Definition of medicine in English:

medicine

noun

  • 1The science or practice of the diagnosis, treatment, and prevention of disease (in technical use often taken to exclude surgery)

    • ‘After a varied career he decided to study medicine and entered general practice.’
    • ‘Concern increased about the gap between academic medicine and practice.’
    • ‘The interdependence is particularly evident in science and medicine.’
    • ‘That is sad because it negatively changes how medicine is practiced in this country.’
    • ‘I had recently been appointed as senior registrar in respiratory medicine and was keen to impress.’
    • ‘A few of them were practitioners of herbal medicine but most were ordinary, conventional citizens.’
    • ‘This has enabled me to learn at first hand about the practice of medicine.’
    • ‘As in all things in medicine, medical diagnosis requires prudence, and more than a modicum of common sense.’
    • ‘It is also useful for students and teachers of medicine and the biomedical sciences.’
    • ‘He said they planned to take on extra clinicians in respiratory medicine, obstetrics and gynaecology.’
    • ‘Compared to the natural sciences and medicine, psychology is a relatively new field.’
    • ‘The holistic therapies might lead medicine back towards the holism of the ancient systems.’
    • ‘It may very well be that gene therapy is medicine's future; indeed our own future.’
    • ‘The practice of medicine must comply with modern ethical standards.’
    • ‘Possible adverse events were detected by two nurses in medicine and surgery and two midwives in obstetrics.’
    • ‘The challenge is to develop models of care integrating nephrology and geriatric medicine.’
    • ‘A sound knowledge of medical ethics is essential to the good practice of medicine.’
    • ‘These principles subsequently formed the basis of good medical practice in Western medicine.’
    • ‘Until then, I had considered medicine as merely a science used to heal human bodies.’
    • ‘There are many areas in which expectations differ over the practice of medicine.’
    medical science, practice of medicine, healing, therapeutics, therapy, treatment, healing art
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  • 2A compound or preparation used for the treatment or prevention of disease, especially a drug or drugs taken by mouth.

    ‘give her some medicine’
    ‘your doctor will be able to prescribe medicines’
    • ‘The most effective medicines aim to restore the balance of serotonin in the brain.’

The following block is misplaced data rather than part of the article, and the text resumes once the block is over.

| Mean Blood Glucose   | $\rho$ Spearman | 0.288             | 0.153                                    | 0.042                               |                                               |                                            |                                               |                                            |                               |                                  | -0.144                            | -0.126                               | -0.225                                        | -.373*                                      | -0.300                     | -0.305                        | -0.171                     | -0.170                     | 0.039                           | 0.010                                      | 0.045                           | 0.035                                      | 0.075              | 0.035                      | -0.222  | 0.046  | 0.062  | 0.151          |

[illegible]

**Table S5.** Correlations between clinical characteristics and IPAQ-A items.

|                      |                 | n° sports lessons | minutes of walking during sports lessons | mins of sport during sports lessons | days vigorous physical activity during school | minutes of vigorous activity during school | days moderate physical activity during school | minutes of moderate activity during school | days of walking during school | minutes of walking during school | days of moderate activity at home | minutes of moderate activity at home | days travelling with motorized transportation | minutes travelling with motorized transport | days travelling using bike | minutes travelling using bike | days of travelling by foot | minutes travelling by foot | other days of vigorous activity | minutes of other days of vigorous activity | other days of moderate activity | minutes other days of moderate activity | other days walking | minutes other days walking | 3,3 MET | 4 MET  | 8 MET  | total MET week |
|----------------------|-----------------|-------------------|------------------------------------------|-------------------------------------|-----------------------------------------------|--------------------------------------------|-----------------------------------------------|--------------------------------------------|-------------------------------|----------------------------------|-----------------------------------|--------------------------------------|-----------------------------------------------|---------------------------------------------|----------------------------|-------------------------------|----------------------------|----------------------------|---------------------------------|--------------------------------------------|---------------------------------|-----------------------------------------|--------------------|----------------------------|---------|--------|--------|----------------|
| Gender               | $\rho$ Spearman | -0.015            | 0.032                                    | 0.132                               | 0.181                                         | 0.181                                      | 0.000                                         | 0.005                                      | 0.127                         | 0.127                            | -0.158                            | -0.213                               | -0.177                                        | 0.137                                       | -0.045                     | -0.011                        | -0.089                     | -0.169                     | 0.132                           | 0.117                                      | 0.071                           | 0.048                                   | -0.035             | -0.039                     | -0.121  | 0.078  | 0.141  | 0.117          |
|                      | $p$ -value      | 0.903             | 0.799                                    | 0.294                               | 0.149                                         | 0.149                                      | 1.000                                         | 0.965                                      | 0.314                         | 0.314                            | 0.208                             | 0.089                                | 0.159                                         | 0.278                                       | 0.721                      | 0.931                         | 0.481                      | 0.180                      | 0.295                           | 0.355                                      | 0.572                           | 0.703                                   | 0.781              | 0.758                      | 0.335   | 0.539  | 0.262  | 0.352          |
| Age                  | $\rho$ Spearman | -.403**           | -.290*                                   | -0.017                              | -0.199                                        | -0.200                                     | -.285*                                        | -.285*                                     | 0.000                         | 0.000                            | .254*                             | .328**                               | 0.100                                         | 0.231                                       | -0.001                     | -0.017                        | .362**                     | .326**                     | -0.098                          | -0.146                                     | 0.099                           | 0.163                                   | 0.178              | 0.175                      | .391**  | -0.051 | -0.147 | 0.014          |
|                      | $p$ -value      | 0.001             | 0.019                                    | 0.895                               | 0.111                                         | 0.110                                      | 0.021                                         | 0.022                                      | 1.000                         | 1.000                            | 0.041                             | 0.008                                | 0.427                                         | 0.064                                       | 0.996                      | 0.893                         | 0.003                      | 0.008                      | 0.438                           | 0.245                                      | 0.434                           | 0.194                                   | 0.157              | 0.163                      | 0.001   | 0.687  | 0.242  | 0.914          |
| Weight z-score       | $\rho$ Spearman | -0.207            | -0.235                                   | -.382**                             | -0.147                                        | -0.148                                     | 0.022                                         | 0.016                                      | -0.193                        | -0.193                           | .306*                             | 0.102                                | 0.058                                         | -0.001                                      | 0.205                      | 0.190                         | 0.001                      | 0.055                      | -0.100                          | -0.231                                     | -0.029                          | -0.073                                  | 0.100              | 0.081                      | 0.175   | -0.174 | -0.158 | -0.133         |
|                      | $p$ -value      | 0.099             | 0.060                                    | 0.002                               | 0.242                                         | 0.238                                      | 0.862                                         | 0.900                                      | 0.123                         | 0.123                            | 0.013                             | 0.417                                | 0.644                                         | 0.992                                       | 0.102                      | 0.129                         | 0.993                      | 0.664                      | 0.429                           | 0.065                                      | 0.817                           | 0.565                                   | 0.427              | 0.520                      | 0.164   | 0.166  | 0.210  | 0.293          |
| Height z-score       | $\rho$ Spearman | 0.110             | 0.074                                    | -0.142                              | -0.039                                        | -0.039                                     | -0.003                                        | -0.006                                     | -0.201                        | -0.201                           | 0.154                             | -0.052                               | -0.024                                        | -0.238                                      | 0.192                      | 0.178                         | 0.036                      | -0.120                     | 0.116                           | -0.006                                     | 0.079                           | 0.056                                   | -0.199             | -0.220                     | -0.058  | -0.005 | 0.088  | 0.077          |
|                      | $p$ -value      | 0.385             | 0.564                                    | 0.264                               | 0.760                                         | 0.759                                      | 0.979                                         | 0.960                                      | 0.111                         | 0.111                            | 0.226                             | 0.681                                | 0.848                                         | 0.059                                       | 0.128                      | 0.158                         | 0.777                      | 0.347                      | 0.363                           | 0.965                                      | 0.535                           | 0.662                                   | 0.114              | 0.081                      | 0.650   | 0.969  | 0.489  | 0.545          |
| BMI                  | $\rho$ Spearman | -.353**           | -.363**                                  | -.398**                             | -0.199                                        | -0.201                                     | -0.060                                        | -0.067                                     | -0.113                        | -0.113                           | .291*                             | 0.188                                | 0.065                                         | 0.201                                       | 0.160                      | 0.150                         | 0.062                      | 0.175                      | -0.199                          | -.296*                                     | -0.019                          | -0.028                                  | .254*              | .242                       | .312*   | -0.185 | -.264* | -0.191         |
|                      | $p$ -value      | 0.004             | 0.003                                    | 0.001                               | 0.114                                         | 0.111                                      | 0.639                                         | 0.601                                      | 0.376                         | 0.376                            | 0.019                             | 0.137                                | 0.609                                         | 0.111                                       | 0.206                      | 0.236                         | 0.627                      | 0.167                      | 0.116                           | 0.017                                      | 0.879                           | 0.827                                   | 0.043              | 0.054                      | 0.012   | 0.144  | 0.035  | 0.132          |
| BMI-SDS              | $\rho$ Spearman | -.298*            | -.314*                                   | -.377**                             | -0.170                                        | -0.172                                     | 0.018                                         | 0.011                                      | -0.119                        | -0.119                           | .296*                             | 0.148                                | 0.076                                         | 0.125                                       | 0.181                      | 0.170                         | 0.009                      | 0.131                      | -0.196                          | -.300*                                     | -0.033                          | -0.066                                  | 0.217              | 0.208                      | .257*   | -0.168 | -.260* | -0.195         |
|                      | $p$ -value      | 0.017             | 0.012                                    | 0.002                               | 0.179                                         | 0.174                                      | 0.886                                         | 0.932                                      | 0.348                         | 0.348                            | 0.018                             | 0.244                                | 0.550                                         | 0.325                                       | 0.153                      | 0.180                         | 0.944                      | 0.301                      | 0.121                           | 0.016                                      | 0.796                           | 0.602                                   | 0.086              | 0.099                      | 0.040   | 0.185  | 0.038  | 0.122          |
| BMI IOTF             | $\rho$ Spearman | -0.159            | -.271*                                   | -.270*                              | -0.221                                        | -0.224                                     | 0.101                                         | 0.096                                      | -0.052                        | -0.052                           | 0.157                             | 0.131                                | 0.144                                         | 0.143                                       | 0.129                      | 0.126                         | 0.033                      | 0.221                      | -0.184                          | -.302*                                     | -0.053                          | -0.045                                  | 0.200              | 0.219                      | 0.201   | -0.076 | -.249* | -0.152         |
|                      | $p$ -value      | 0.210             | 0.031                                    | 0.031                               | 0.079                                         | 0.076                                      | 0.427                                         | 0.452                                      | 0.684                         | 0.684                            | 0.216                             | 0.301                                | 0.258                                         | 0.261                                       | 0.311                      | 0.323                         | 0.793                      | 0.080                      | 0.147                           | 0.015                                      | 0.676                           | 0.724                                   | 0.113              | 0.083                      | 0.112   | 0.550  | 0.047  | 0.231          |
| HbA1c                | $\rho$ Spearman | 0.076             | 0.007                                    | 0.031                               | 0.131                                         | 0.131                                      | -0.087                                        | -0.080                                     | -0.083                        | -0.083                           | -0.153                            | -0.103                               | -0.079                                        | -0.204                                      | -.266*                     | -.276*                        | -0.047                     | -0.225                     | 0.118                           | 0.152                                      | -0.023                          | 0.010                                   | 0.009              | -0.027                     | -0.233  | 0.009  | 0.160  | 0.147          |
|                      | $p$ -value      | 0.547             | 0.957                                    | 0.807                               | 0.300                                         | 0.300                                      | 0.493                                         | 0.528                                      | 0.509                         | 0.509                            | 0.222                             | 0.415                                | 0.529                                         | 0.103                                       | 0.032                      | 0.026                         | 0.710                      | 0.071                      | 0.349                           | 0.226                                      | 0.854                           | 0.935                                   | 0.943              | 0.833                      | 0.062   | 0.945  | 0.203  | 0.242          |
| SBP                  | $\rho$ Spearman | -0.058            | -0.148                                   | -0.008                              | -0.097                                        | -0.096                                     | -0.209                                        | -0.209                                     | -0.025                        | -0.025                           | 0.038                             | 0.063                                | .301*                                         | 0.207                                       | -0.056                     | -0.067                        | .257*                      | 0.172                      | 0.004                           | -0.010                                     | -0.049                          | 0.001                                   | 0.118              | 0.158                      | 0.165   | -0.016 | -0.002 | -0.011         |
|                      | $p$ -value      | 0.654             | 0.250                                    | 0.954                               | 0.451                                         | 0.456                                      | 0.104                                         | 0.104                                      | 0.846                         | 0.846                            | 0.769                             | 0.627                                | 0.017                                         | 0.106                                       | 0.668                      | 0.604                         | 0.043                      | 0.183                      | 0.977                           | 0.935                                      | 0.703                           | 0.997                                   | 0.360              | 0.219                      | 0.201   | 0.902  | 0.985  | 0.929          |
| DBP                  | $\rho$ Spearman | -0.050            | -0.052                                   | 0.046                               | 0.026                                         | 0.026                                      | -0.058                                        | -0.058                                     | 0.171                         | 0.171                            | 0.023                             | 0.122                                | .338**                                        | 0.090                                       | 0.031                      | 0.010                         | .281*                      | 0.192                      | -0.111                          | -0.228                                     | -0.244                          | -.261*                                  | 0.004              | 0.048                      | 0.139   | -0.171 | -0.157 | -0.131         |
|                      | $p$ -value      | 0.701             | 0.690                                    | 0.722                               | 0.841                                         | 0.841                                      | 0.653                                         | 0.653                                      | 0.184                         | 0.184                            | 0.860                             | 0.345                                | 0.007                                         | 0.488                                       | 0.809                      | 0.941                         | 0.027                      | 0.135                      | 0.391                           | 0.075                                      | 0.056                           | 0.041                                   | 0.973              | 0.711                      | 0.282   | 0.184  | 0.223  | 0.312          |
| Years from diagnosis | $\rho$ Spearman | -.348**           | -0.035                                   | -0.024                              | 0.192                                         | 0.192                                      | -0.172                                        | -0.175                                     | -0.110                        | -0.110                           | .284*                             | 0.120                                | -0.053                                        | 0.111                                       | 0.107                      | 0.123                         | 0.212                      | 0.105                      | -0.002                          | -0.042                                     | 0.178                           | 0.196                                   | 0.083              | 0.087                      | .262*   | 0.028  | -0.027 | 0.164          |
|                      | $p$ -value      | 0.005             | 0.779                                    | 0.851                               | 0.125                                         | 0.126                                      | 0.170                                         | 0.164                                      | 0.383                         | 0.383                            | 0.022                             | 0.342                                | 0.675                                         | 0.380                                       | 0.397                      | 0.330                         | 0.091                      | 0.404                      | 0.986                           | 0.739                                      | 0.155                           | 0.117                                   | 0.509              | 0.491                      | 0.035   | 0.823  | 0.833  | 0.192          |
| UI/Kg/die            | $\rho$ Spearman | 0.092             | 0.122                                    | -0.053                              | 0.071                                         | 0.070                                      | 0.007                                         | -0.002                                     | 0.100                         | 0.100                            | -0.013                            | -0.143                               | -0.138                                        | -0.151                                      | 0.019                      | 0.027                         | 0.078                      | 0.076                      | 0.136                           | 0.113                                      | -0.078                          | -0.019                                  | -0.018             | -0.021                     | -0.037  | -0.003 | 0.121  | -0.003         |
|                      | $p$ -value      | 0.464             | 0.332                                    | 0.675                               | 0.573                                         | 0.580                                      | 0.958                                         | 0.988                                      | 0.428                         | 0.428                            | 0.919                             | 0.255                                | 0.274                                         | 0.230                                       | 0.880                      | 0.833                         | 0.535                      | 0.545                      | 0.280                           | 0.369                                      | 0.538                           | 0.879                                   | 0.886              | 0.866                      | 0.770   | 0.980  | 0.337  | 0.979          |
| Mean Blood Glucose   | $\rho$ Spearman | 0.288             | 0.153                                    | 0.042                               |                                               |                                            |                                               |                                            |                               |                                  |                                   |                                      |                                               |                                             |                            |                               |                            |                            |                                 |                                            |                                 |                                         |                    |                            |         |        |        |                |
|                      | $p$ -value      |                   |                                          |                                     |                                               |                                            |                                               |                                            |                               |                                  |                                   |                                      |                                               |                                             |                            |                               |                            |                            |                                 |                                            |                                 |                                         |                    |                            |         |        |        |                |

• ‘Lock up all drugs and medicines securely in a bathroom cabinet where they can't be reached.’
    • ‘They will ask you questions about your current and past health and any medicines you are taking.’
    • ‘Store medicines, vitamins and other potential poisons out of the reach of children.’
    • ‘Drug companies are also striving to develop new medicines to treat unmet needs.’
    • ‘In less urgent cases, treatment by medicines and vitamins may be a better option.’
    • ‘Treatments include preventative medicines and those for use in acute attacks.’
    • ‘Inappropriate use of many medicines has led to ineffective treatment and drug resistance.’
    • ‘Early uses were medical, but it gradually came to be accepted as a food rather than a medicine.’
    • ‘All the review really shows is the lack of good quality research on over the counter cough medicines.’
    • ‘Special restrictions exist on the prescription of medicines for drug addicts.’
    • ‘There are some medicines that can be useful to keep at home in case of minor accidents.’
    • ‘She said several of the people were on medication and had not been able to take their medicines.’
    • ‘The use of many complementary and alternative medicines remains controversial.’
    • ‘She gave me her food and used the medicine to make me feel better.’
    • ‘If there are no improvements after several weeks, other medicines can be tried.’
    • ‘If you remain well while on the medicines, the treatment should be continued.’
    • ‘They understand the use of medicines because they are dealing with them all the time.’
    • ‘She recommends taking the medicine with food at the first sign of cramping or nausea.’
    • ‘He or she may prescribe medicines, depending on the type of symptoms and their severity.’